Figure
A58. HPAC/COAMPS4 predicted fourday cumulative
dosage contours
Figure
A60. VLSTRAC/COAMPS4 predicted fourday cumulative
dosage contours (revised tracking height)
Inconsistency in the Source Term
Because of the pressure to release modeling results quickly, the July 1997 simulations used inconsistent source terms (e.g., the internal evaporation algorithm for VLSTRACK versus the DPG evaporation curve for HPAC/SCIPUFF). A common source characterization, the DPG evaporation curve, was used for all subsequent simulations.
Therefore, the DHS intensified its efforts to obtain more refined exposure assessments. The inconsistencies in the puff tracking algorithm and the source term mentioned above were resolved for the refined (2000) modeling. In addition the following sections describe in detail the improvements made to meteorological modeling and the unit location and personnel data. The results are more refined estimates of possible exposure to servicemembers from the demolition in the Khamisiyah Pit.
2. Refined Meteorological Modeling
a. Models’ Improvements
Since 1997, several new simulations of MM5, OMEGA, and COAMPS were made to update the description of the mesoscale meteorological conditions near Khamisiyah. The largescale fields used to initialize the mesoscale models and to provide the lateral boundary conditions are largely the same as those used in the 1997 modeling. The improvements made to COAMPS, OMEGA, and MM5 are described below.
1) COAMPS. As mentioned before (Table A9) in 1997, in addition to the baseline analysis (Run COAMPS 7), alternative COAMPS analyses were performed that consisted of (Westphal et al., 1999):
The baseline analysis was used in the 2000 modeling. In 1997, however, COAMPS 4 was chosen for dispersion modeling based on comparison to the ground soot patterns due to bunker explosions. COAMPS 4 is equivalent to running COAMPS in pure forecast mode with no data assimilation. The peer review panel questioned the decision because intuitively a datadenial run should give inferior results. Furthermore, the COAMPS developers also recommended the use of the baseline analysis. Therefore, COAMPS 7 was used in the 2000 Modeling.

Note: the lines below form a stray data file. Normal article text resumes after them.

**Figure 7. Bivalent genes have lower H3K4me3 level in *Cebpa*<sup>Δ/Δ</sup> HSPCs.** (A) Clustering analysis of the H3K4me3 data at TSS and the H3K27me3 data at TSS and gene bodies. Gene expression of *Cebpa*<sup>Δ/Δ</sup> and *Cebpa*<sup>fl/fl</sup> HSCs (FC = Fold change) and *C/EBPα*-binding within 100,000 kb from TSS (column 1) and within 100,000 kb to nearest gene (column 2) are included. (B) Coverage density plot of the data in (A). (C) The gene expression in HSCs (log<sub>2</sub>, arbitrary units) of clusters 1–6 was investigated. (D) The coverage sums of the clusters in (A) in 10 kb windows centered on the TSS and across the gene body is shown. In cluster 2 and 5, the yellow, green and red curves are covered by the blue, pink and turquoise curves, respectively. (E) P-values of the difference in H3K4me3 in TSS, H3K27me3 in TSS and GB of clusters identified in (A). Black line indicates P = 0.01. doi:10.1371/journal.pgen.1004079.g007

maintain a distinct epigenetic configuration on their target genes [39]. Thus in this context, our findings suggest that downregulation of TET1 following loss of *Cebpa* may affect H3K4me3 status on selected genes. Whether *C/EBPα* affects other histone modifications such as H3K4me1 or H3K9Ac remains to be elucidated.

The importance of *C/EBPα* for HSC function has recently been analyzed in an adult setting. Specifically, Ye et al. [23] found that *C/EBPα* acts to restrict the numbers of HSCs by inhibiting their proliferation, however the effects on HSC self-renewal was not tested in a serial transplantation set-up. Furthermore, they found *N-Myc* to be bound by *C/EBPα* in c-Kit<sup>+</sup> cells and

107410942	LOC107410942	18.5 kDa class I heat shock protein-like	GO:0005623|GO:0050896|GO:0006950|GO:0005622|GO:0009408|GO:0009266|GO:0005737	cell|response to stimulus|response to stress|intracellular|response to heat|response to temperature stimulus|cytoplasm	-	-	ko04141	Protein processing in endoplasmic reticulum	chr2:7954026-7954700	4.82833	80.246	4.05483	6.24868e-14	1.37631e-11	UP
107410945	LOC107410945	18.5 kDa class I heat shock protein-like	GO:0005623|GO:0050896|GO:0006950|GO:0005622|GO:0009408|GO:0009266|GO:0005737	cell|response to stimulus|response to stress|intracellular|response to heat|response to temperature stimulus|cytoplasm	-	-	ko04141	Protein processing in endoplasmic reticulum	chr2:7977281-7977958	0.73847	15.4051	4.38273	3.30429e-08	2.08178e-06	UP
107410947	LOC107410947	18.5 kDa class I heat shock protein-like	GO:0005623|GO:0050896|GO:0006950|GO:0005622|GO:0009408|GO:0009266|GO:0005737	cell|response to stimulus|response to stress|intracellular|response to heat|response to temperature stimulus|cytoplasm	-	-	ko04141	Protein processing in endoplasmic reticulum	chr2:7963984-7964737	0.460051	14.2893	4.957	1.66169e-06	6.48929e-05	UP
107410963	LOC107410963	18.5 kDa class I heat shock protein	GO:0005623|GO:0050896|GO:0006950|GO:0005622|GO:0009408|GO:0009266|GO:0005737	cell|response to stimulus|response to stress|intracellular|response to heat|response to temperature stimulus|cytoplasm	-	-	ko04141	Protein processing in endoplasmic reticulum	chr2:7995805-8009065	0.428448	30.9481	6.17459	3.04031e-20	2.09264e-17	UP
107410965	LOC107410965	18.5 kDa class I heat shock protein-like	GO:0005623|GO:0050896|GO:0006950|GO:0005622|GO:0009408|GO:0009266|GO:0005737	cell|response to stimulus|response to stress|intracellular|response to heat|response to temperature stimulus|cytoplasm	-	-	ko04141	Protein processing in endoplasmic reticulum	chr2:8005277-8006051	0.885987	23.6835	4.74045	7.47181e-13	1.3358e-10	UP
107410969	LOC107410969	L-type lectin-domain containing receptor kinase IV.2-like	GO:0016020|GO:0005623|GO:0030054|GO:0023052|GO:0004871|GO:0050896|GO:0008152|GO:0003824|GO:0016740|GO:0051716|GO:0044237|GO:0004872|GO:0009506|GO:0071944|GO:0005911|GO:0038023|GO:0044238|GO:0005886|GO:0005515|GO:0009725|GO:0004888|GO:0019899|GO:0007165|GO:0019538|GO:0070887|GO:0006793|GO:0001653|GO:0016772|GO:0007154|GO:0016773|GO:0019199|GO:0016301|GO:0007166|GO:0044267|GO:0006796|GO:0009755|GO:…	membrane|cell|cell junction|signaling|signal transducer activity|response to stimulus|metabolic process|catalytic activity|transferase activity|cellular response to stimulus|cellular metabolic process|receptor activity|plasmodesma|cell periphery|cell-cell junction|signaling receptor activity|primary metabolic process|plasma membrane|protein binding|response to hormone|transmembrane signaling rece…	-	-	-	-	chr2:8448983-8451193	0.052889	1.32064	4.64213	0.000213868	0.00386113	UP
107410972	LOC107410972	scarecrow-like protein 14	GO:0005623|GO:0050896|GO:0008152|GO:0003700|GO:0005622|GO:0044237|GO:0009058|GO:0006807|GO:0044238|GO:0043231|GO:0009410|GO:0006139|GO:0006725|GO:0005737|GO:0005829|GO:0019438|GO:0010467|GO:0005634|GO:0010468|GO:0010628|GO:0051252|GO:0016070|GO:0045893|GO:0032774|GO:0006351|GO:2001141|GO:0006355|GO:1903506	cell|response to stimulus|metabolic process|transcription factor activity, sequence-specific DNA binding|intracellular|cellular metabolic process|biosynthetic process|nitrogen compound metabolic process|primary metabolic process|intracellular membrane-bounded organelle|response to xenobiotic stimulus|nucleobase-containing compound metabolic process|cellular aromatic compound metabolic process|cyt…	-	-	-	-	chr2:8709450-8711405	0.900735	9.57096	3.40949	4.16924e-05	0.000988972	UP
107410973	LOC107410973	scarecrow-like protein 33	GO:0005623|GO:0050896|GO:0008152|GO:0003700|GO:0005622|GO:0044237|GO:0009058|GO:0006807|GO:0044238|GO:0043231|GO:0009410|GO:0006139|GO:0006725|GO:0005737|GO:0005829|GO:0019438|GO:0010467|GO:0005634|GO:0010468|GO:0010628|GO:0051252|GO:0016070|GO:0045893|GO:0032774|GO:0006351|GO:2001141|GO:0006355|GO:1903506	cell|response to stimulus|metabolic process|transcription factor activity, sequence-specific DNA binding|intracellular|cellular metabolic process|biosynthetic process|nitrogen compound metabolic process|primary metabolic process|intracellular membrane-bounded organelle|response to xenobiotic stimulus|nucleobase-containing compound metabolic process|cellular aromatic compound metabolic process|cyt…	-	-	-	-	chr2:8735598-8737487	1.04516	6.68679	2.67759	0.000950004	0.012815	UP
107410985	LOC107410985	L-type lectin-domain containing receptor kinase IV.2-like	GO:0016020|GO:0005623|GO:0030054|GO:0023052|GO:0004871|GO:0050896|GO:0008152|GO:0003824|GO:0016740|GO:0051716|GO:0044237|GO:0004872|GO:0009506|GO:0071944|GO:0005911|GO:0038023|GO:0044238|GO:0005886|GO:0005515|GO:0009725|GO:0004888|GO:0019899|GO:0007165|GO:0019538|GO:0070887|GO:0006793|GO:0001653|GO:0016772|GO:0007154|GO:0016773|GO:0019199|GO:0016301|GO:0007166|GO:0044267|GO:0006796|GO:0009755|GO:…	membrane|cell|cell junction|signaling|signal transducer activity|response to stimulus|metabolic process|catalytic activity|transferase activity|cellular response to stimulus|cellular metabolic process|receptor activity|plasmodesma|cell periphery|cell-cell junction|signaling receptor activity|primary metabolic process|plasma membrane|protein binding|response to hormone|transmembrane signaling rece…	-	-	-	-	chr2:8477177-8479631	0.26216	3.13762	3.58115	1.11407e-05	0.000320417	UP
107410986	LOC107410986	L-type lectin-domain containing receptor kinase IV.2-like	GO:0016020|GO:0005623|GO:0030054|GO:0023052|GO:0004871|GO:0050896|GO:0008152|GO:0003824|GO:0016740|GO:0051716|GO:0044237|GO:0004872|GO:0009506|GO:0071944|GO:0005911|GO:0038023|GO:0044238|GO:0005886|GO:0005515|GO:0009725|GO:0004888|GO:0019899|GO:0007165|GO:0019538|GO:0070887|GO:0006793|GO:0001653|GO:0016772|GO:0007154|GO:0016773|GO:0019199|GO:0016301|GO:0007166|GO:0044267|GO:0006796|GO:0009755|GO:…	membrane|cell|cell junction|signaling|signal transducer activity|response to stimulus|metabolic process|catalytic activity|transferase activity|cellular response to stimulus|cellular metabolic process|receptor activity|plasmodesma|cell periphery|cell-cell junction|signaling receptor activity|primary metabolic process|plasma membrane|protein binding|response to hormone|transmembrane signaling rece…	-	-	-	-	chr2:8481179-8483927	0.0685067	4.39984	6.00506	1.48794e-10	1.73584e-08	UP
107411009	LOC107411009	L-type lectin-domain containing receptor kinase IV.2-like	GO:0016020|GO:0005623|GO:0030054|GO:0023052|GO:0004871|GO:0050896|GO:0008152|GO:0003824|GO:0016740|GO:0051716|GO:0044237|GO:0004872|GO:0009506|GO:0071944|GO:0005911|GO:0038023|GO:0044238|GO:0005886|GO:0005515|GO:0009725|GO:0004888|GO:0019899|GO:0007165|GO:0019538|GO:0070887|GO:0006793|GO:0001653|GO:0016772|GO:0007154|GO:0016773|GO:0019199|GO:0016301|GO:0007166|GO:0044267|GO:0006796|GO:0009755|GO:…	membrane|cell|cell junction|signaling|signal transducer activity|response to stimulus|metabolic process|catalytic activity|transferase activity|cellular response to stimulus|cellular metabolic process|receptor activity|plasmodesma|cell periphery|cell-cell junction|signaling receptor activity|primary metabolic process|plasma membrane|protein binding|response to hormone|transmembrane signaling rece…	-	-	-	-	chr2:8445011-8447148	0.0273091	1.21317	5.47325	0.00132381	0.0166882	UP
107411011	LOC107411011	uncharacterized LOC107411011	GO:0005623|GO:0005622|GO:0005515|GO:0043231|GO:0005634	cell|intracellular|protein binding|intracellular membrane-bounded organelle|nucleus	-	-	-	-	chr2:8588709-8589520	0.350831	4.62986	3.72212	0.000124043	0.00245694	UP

2) OMEGA. The following improvements incorporated into OMEGA version 3.7 used for the 2000 modeling:
See Bacon et al., (2000) for OMEGA 3.7’s application to the Khamisiyah analysis.
3) MM5. The new MM5 reanalysis consisted of four sixday simulations using continuous data assimilation (see Table A13). As with the spring 1997 reanalysis, NCAR performed these simulations with different options for the PBL parameterizations and global data for lateral boundary conditions and assimilation. In addition, a simulation was made with a variation in the surface roughness length. This simulation was motivated by the fact many mesoscale models historically have employed a default roughness length of about 10 cm for desert. This value may be appropriate for some southwestern US deserts with large brush and scrub trees, but surface roughness less than 1 cm probably is more appropriate for barren desert with scattered, limited vegetation (e.g., Oke, 1987). Thus, in Simulations 1, 2, and 3, the lower values of desert roughness length were employed to be consistent with the surface conditions of the Arabian desert (1 cm for vegetated desert and 0.5 cm for unvegetated desert). In Simulation 4, otherwise the same as Simulation 1, 10 cm was used.
Table A13. Configurations for MM5 simulations
Simulation Number 
LargeScale 
BoundaryLayer Parameterization 
Desert Roughness Length (cm) 
1 
TOGA/ECMWF 
MR 
~ 1 
2 
NCEP 
MR 
~ 1 
3 
TOGA/ECMWF 
Blackadar 
~ 1 
4 
TOGA/ECMWF 
MR 
~ 10